# Re: difference between UNION operator and OR in where clause

Date: Tue, 10 Jul 2007 12:19:10 -0700

Message-ID: <1184095150.799938.33120_at_n60g2000hse.googlegroups.com>

On Jul 10, 1:36 pm, Bob Badour <bbad..._at_pei.sympatico.ca> wrote:

> Mike wrote:

*> > On Jul 10, 11:18 am, Bob Badour <bbad..._at_pei.sympatico.ca> wrote:
**>
**> >>Mike wrote:
**>
**> >>>On Jul 10, 10:40 am, Bob Badour <bbad..._at_pei.sympatico.ca> wrote:
**>
**> >>>>Mike wrote:
**>
**> >>>>>On Jul 10, 9:59 am, David Portas
**> >>>>><REMOVE_BEFORE_REPLYING_dpor..._at_acm.org> wrote:
**>
**> >>>>>>On 10 Jul, 14:39, Mike <gongweig..._at_gmail.com> wrote:
**>
**> >>>>>>>tables:
**> >>>>>>>1. publication(pubid, title)
**> >>>>>>>2. book(pubid, date)
**> >>>>>>>3. journal(pubid, date)
**>
**> >>>>>>>purpose: find all publication titles for books or journals.
**>
**> >>>>>>>solution 1: use set "union"
**>
**> >>>>>>>select title
**>
**> >>>>>>>from publication, ( (select pubid from book) UNION (select pubid from
**>
**> >>>>>>>journal)) bj
**> >>>>>>>where publication.pubid = bj.pubid
**>
**> >>>>>>>solution 2: use "or" operator in the where clause
**>
**> >>>>>>>select title
**>
**> >>>>>>>from publication, book, journal
**>
**> >>>>>>>where publication.pubid = book.pubid or publication.pubid =
**> >>>>>>>journal.pubid
**>
**> >>>>>>>This example is taken from some lecture notes about sql. The notes
**> >>>>>>>said the solution 2 was wrong.
**>
**> >>>>>>>Anyone knows why ?
**>
**> >>>>>>Let me pose two more questions for you. What are the keys for each
**> >>>>>>table? What is the difference between ALL and DISTINCT?
**>
**> >>>>>>If you can answer those questions then you may be on the way to the
**> >>>>>>answer you are looking for.
**>
**> >>>>>>--
**> >>>>>>David Portas- Hide quoted text -
**>
**> >>>>>>- Show quoted text -
**>
**> >>>>>The keys for all the 3 tables are "pubid". "ALL" means to allow
**> >>>>>duplicated records, and "DISTINCT" will remove the duplicated ones.
**>
**> >>>>>But I still don't get it.
**>
**> >>>>>Could you give more hints ?
**>
**> >>>>In the second case, if a book id matches a publication id, how many
**> >>>>journals will match the WHERE clause? Remember TRUE OR FALSE = ____
**> >>>>Similarly if a journal id matches the a publication id, how many books
**> >>>>will match the WHERE clause? Remember FALSE OR TRUE = ____
**>
**> >>>>I will let you fill in the blanks.
**>
**> >>>>Consider as well the nullary cases. What happens to the result of the
**>
**> >>>>FROM clause if there are no books at all or if there are no journals at all?- Hide quoted text -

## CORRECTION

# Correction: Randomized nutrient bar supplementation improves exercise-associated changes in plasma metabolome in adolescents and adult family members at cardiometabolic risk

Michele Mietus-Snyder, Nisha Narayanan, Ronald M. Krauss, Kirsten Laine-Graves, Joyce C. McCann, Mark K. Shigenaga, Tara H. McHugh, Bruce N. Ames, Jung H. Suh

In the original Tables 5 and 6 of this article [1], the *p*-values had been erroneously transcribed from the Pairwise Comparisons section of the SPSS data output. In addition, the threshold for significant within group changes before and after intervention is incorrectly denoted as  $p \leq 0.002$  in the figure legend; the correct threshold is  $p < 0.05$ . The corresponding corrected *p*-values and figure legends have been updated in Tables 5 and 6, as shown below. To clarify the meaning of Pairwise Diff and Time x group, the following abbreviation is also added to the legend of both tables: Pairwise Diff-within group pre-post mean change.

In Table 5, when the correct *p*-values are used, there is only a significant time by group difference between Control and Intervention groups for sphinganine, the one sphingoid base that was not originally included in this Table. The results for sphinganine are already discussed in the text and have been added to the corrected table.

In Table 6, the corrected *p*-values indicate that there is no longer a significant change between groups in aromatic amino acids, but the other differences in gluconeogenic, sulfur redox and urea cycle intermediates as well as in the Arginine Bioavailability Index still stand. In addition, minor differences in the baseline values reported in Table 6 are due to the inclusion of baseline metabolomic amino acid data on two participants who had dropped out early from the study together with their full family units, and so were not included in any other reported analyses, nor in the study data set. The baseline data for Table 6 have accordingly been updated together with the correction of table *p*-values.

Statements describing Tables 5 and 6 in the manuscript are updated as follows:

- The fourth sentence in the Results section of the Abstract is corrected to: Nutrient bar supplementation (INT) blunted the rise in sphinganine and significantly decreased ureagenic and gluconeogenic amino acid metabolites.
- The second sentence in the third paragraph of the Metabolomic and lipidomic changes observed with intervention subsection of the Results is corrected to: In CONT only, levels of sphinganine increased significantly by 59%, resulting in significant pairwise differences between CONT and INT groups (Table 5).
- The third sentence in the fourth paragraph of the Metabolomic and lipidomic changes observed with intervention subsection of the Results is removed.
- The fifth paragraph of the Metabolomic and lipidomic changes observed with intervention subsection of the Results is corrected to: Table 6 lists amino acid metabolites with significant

**>
**> >>>>- Show quoted text -
**>
**> >>>In the second case, if a book id matches a publication id, how many
**> >>>journals will match the WHERE clause?
**>
**> >>>0
**>
**> >>>Similarly if a journal id matches the a publication id, how many books
**> >>>will match the WHERE clause?
**>
**> >>>0
**>
**> >>>>Consider as well the nullary cases.
**>
**> >>>This is the case which fails the solution 2, I think.
**>
**> >>It is one case and one mechanism by which solution 2 fails. Go back
**> >>where I left the blanks and fill them in. Then re-read the paragraph
**> >>they appear in.- Hide quoted text -
**>
**> >>- Show quoted text -
**>
**> > My answer for your previous question.
**>
**> >>In the second case, if a book id matches a publication id, how many
**>
**> > journals will match the WHERE clause?
**>
**> > If a book id matches a publication id, 0 journal will match the WHERE
**> > clause.
**>
**> I disagree. No journals will match "publication.pubid = journal.pubid",
**> but that is only part of the WHERE clause. More than zero journals will
**> match the where clause. How many?
**>
**> TRUE OR X = ____
**>
*** > X OR TRUE = ____
**
both are TRUE.

*>
*

> > but the where clause : "where publication.pubid = book.pubid or

*> > publication.pubid = journal.pubid"
**> > will be TRUE.
**>
**> Yes, it will be true. It will be true for how many journals?
*

It will be true for |book.pubid|.

*>
*

> > Similiar answer to the other part of your question.

*>
**> > Please correct me if I am wrong.
**>
**> You are focusing on single records rather than the CROSS PRODUCT, but
**> the FROM clause yields a CROSS PRODUCT.
**>
**> If you have 5 publications P, 3 books B and 2 journals J:
**>
**> P has 5 rows
**> B has 3 rows
**> J has 2 rows
**> P X B has 15 rows
**> P X J has 10 rows
**> B X J has 6 rows
**> P X B X J has 30 rows
**>
**> Let's take P X B and restrict it to rows with equal pubid (ie. replace
**> CROSS PRODUCT with NATURAL JOIN) and call the result PB.
**>
**> PB has 3 rows
**> PB X J has ____ rows ?- Hide quoted text -
*

Since |PB| = 3 and |J|=2, |PB * J| = 6.

*>
**> - Show quoted text -
*

Received on Tue Jul 10 2007 - 21:19:10 CEST